They show an excellent video package featuring the highlights of the two big Gail Kim v. Taryn Terrell matches. Really a strong feature from TNA, putting over a couple of matches that absolutely did deliver, and getting the viewer hyped for the rubber match coming up after the commercial.
Gail Kim vs. Taryn Terrell: Well this didn’t deliver at all. It really wasn’t their fault as the video package before the break artificially raised expectations, the crowd shit on everything they did and it had a run-in finish with The Beautiful People attacking both of them and leaving them laying. Still when the match was over I left thinking that their previous matches were as good as they were largely because of the gimmicks involved. I’m not sure these two have a good straight match in them.
Before commercial they show The Great Muta walking around backstage in his full get up. Maybe Muta was one of the people Gunner and Shaw saw walking around town?
They show Dixie and King Mo backstage. I didn’t pay attention to what Dixie said because this was such an obvious filler segment it felt morally wrong to treat it seriously.
Post-match James Storm came to the ring and cut a good promo about how he was the legend in TNA and called Muta a fraud. He beat up Muta, with one of Muta’s young boys hitting the ring to try and make the save at one point. Sanada came out for the save with a chair, but ended up turning on Muta and leaving with Storm who he bowed to. As I have noted before Storm’s advice to Sanada about the dead end road of being a Muta protege in 2014 is dead on, but it’s hard to see how becoming a TNA full timer is a better option.
Backstage they show Rhino, ECIII and Spud walking to the ring.
Back from the break Jeremy Borash is in the balcony with Dixie Carter and King Mo. Dixie badly botches her first line. Dixie says she’s tired of hearing the fans chant for ECW and threatens to have King Mo beat up Borash if he mentions ECW again. Then she continues her promo along the same lines as before, talking about Dreamer and Team 3D being rejects from a dead promotion. So basically these entire New York City tapings are a TNA reboot of the original One Night Stand, with Dixie as the shittiest possible version of Eric Bischoff.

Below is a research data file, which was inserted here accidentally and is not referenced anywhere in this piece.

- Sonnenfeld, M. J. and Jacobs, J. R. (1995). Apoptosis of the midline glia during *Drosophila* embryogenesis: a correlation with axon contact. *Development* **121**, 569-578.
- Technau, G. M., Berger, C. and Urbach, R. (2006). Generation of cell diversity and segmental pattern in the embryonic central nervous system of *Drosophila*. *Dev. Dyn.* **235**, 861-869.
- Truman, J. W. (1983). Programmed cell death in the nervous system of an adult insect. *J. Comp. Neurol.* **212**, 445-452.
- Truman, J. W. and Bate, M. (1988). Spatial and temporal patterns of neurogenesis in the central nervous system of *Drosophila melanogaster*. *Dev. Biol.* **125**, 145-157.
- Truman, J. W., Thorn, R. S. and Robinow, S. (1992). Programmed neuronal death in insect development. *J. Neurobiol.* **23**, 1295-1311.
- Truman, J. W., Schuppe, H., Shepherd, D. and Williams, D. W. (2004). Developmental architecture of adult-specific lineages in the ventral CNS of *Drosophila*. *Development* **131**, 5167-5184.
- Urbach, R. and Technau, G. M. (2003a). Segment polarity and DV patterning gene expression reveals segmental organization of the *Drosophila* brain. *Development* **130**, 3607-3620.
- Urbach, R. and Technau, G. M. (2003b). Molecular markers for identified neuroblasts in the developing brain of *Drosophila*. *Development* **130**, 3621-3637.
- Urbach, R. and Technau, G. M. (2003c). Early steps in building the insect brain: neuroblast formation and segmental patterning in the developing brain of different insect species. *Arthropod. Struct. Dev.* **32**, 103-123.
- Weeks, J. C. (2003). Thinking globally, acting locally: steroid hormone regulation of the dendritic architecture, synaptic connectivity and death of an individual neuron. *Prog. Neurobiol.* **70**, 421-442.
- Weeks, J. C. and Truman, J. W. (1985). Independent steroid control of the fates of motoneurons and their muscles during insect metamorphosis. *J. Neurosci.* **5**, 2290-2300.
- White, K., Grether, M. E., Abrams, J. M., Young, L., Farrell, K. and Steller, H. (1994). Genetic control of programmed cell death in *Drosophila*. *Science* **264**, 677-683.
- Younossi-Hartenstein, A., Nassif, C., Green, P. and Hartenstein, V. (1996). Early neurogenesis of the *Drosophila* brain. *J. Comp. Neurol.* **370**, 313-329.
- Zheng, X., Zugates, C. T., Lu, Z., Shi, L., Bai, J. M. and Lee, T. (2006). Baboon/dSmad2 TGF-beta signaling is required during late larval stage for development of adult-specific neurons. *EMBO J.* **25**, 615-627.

I was actually set to call this a decent show until that last segment, which ranks with the most embarrassing, ridiculous and counterproductive segments of 2014, and this is coming from someone who watches Impact AND Raw every week. This show did have some good video packages, and did a decent job making you want to see the two big matches on next week’s show, but when you end on a segment that is effectively a five minute representation of every criticism ever leveled against TNA (terrible writing, awful announcing, bad acting from Dixie, overuse of WWE rejects, copying angles and storylines from the WWE, et.) it’s impossible to call it decent, let alone good. I will say that one guy deserves a ton of credit for his efforts, as he really carried the two strongest segments of this show, but when a one-legged MVP is not only your best talker, but also the best in ring performer on your show, it really puts things in perspective.